Editor's Note: Dr. James M. Lindsay is a Senior Vice President at the Council on Foreign Relations and co-author of America Unbound: The Bush Revolution in Foreign Policy. Visit his blog here and follow him on Twitter.
By James M. Lindsay, CFR.org
Tuareg rebel fighters in northern Mali declared on Friday the independent country of Azawad. The announcement comes on the heels of the rebels’ rapid success in driving government forces out of Northern Mali in the two weeks since Malian soldiers overthrew the country’s democratically elected president, Amadou Touré, a former general who first came to power in a coup two decades ago. (Touré oversaw Mali’s transition to democracy and then stepped down from power, earning him the nickname “the soldier of democracy.” He was elected president in 2002 and again in 2007.)
The new ruling junta justified its coup on the grounds that Touré had failed to put down the Tuareg rebellion. Tuaregs, a semi-nomadic people spread across Niger, Mali, Libya, Algeria, and Burkina Faso, make up an estimated 10 percent of Mali’s population. They have been fighting for their independence since even before Mali won its own independence from France in 1960.
So far Azawad, which would cover an area larger than France but have a population of only about a million people, is not being greeted warmly by the international community. The U.S. State Department rejected the independence bid and called for maintaining “the territorial integrity of Mali.” France’s defense minister said that a declaration of independence that “is not recognized by African states would not have any meaning for us.” That recognition does not look to be forthcoming.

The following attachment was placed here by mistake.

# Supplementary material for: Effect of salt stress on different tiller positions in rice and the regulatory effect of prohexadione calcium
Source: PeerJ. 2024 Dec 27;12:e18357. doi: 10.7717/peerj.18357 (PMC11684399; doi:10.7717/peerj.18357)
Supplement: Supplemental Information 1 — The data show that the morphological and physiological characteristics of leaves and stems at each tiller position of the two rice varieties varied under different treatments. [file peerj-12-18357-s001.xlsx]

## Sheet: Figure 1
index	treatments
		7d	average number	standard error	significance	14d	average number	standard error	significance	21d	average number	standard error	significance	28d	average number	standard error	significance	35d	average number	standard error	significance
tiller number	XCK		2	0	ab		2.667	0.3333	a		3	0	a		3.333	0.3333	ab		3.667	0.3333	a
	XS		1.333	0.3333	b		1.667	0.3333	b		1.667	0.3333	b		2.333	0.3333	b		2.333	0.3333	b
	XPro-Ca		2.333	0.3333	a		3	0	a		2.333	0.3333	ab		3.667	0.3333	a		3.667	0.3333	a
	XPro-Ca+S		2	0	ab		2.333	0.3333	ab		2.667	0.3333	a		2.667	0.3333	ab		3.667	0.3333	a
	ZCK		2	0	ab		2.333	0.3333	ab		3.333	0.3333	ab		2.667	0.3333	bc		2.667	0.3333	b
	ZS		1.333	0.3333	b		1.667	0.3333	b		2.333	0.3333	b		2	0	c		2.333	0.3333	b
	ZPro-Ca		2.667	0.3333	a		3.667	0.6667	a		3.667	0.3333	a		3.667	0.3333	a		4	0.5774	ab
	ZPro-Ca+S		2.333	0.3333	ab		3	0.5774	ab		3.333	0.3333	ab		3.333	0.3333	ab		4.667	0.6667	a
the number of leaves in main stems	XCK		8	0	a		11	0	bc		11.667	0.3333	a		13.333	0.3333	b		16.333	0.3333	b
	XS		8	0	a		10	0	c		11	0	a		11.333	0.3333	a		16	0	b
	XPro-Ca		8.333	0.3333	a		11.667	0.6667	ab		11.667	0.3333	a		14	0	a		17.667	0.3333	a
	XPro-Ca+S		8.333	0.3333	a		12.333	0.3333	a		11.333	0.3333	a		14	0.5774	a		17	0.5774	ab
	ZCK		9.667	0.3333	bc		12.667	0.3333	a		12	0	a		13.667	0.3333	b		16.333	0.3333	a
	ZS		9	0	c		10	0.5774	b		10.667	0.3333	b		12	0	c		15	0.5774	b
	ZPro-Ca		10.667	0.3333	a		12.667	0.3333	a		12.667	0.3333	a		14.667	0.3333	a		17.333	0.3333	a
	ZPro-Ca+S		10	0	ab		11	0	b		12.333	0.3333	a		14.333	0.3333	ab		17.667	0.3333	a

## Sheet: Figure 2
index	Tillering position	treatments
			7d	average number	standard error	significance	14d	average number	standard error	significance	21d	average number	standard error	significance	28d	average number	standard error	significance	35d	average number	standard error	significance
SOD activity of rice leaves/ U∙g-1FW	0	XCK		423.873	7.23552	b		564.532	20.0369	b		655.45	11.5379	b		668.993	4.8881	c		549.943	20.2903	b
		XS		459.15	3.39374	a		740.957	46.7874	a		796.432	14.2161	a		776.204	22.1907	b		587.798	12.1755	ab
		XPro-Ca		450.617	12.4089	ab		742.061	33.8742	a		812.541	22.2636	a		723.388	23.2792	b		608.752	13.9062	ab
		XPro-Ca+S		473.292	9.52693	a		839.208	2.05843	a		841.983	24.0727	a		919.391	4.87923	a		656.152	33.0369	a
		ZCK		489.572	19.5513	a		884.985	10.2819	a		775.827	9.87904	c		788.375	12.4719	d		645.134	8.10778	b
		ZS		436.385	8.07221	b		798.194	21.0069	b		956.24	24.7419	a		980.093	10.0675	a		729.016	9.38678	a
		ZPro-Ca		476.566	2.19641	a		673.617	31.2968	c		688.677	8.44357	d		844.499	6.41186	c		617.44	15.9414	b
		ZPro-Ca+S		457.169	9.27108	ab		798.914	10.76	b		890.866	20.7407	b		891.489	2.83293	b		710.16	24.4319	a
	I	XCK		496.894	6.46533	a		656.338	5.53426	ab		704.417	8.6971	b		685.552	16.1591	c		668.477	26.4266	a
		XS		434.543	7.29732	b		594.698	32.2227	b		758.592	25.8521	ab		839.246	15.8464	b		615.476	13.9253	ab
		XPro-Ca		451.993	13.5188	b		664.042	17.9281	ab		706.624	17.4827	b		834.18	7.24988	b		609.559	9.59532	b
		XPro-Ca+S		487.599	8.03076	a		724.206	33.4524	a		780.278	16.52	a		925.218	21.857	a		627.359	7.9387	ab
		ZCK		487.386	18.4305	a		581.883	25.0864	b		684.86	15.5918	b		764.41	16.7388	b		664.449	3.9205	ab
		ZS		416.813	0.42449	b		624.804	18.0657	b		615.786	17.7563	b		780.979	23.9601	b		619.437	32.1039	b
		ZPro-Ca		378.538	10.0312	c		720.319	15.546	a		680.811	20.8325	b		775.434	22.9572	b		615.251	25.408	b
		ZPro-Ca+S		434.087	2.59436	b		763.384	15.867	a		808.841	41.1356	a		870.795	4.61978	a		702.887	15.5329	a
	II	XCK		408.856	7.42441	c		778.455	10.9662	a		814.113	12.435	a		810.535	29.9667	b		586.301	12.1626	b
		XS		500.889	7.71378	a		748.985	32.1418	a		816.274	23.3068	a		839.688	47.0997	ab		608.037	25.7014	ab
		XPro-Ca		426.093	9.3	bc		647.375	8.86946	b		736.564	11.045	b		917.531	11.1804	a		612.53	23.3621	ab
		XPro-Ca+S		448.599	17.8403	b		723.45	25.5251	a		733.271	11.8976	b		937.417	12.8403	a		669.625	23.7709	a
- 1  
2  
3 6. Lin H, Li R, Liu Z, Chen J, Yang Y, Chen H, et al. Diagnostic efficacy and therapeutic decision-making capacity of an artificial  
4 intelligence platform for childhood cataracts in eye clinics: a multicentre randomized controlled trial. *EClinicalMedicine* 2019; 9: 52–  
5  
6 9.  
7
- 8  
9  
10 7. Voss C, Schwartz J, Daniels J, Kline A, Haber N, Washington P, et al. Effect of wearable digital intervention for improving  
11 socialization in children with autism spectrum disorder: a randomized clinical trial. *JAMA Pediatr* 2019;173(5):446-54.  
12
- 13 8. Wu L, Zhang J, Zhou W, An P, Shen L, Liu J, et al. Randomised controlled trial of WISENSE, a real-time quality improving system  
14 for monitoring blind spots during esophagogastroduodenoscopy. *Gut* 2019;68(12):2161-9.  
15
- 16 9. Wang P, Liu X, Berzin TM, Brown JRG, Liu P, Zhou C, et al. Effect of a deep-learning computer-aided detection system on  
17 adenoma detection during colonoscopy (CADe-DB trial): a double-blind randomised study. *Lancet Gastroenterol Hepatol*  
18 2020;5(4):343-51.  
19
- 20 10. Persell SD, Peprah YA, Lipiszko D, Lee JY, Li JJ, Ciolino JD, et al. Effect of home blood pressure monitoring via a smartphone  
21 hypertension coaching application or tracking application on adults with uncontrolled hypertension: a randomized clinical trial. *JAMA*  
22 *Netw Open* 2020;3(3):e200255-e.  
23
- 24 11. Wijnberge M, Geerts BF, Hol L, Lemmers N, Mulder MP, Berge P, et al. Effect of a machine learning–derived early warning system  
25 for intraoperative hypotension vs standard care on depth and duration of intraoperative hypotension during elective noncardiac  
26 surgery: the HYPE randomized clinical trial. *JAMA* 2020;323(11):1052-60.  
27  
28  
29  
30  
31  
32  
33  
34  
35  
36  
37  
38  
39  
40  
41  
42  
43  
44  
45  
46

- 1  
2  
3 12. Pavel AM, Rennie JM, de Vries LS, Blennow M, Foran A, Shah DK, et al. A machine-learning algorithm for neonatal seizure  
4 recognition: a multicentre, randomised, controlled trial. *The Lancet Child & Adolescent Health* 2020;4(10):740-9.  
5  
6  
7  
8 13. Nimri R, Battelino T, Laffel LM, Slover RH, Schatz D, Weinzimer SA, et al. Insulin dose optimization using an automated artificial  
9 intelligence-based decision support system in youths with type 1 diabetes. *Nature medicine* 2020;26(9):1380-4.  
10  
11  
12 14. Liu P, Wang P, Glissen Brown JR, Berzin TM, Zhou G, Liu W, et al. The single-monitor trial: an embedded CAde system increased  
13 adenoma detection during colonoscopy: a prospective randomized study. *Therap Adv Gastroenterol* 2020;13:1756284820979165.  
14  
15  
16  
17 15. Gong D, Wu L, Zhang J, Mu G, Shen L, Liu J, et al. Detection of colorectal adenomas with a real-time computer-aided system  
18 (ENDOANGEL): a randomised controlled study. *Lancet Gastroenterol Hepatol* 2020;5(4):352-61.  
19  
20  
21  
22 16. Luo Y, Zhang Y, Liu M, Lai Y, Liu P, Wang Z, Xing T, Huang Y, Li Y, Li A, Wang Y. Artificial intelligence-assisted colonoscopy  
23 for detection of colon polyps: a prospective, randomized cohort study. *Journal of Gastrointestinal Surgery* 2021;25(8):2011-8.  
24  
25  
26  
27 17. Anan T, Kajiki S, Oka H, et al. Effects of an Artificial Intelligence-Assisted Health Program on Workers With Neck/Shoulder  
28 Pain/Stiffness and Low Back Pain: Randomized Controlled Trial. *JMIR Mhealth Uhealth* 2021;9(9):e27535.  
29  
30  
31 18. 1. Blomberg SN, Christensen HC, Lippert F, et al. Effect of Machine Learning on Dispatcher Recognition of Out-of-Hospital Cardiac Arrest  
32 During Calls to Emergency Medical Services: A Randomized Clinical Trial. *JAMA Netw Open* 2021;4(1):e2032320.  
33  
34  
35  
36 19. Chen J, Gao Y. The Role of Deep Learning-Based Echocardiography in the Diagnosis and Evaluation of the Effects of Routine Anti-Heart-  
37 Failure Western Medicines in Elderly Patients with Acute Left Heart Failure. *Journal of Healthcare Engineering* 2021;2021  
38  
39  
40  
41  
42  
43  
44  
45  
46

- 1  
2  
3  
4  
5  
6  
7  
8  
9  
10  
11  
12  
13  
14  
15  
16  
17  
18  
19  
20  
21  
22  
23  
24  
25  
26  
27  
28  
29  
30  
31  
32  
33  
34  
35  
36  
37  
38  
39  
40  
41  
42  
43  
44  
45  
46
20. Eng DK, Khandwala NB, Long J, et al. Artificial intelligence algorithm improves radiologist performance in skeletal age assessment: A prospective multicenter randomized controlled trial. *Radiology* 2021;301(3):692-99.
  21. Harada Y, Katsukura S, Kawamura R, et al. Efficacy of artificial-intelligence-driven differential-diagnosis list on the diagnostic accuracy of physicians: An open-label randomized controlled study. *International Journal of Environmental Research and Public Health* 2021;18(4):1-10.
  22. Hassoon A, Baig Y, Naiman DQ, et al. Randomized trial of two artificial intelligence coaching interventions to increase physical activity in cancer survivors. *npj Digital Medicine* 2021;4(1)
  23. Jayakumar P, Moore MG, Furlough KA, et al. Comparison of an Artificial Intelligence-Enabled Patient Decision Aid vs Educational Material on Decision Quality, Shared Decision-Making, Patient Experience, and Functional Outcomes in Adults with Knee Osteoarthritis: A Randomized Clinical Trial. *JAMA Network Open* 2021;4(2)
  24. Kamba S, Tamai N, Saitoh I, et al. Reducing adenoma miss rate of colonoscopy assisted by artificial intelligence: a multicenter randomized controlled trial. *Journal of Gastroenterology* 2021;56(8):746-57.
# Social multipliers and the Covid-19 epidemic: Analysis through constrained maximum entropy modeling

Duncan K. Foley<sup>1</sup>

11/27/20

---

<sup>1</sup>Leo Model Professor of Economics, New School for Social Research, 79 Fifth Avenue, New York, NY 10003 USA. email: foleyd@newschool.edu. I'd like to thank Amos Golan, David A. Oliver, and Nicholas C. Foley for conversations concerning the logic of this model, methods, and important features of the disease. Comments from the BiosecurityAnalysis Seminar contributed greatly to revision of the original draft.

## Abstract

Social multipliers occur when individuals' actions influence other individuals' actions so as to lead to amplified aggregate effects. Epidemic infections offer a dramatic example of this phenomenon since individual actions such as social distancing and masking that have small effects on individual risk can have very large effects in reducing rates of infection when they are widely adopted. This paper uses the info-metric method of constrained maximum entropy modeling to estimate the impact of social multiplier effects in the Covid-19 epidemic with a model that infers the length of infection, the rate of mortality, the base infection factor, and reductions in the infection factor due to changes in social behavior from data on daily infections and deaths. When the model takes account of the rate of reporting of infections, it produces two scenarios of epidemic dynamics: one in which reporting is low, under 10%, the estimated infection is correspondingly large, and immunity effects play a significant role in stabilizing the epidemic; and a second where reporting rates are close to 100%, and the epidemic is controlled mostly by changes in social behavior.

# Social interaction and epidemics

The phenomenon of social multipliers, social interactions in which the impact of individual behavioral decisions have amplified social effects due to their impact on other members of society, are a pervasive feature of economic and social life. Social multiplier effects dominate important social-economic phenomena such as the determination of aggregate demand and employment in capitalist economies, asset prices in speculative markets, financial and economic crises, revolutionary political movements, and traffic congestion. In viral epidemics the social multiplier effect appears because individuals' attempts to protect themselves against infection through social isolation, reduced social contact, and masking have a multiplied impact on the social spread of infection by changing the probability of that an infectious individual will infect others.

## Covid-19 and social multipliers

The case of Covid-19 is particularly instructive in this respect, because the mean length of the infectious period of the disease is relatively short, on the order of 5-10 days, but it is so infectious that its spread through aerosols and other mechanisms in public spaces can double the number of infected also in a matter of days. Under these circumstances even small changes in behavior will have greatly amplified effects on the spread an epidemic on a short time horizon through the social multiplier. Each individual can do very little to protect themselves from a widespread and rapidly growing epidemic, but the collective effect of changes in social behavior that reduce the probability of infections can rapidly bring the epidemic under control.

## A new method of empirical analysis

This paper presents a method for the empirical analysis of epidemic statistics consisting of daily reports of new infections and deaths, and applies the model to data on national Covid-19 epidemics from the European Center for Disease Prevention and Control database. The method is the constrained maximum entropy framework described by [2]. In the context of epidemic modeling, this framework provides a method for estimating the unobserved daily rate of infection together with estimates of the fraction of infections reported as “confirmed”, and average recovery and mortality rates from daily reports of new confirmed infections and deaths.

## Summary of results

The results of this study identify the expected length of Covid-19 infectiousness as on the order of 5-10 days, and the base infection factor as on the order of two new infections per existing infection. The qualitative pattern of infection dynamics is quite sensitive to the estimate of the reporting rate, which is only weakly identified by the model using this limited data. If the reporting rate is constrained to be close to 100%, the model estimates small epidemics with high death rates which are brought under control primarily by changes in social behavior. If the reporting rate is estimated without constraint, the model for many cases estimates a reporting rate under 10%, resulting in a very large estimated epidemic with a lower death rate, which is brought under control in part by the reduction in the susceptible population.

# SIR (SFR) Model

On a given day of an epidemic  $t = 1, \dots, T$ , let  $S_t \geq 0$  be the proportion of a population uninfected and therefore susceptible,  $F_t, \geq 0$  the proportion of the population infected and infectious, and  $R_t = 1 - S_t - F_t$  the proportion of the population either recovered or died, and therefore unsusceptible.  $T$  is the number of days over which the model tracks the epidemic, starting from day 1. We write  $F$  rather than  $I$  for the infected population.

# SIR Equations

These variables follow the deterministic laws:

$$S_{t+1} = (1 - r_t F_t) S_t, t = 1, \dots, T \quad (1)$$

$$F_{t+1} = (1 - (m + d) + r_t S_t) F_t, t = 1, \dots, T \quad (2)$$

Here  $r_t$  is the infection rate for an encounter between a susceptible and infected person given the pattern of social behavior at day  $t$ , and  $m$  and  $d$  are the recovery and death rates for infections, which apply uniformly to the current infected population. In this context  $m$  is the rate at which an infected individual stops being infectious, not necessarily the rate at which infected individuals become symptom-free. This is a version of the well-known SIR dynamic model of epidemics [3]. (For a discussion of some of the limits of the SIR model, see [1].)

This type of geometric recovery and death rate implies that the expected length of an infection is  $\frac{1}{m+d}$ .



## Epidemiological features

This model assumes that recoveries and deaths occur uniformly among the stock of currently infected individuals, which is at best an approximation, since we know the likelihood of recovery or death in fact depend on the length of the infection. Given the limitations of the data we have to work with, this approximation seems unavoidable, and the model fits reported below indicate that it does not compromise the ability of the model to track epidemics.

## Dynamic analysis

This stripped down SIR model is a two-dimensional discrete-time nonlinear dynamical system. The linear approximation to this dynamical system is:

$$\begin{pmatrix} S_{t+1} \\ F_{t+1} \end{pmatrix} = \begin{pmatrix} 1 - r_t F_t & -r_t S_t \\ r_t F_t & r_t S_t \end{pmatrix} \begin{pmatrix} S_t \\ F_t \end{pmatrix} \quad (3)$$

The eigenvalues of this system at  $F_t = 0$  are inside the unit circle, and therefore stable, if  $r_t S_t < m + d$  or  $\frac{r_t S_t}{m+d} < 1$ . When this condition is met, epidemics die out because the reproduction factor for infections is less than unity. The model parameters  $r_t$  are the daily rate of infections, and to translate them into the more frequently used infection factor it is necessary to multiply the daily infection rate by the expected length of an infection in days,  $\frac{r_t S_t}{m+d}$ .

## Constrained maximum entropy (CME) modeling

Algeria says it “will never accept questioning the territorial integrity of Mali.” African countries more generally have long resisted efforts to redraw borders on the continent, fearing that it would only encourage more secession movements. (The peaceful breakup of Sudan into two sovereign countries was unique in this regard.)
But the United States and France helped produce, albeit unintentionally, the current state of affairs in Mali. The Tuaregs, who are fighting under the banner of the National Movement for the Liberation of Azawad (MNLA), gained the upper hand in their battles against the Malian government only after the ouster of Moamar Gadhafi flooded the country with weapons.
Now Washington and Paris worry that the MNLA’s success has strengthened its ally, Ansar Dine, an Islamist faction with ties to the North African branch of al-Qaeda. Ansar Dine has taken control of Timbuktu and vowed to impose sharia law. (UNESCO worries that the fighting poses a danger to the World Heritage Site of Timbuktu.) Oddly enough, Ansar Dine agrees with Washington and Paris on one thing: it too opposes creating a separate country of Azawad.
Looming in the background is the potential for a famine in Mali. Irregular rainfall has stunted harvests in Mali and elsewhere across the Sahel. Making matters worse, the fighting in Mali has already displaced some 200,000 people in the north; people who are fleeing their villages can’t tend to their crops. All this is putting pressure on the United States and other countries to increase their aid to Mali, but that might have the perverse effect of rewarding Mali’s ruling junta.
Meanwhile, questions abound about the junta’s ability to beat back the MNLA and Ansar Dine. Prolonged fighting could do just as much to precipitate a famine as low rainfall. So stay tuned. Things could get a lot worse.
The views expressed in this article are solely those of James M. Lindsay.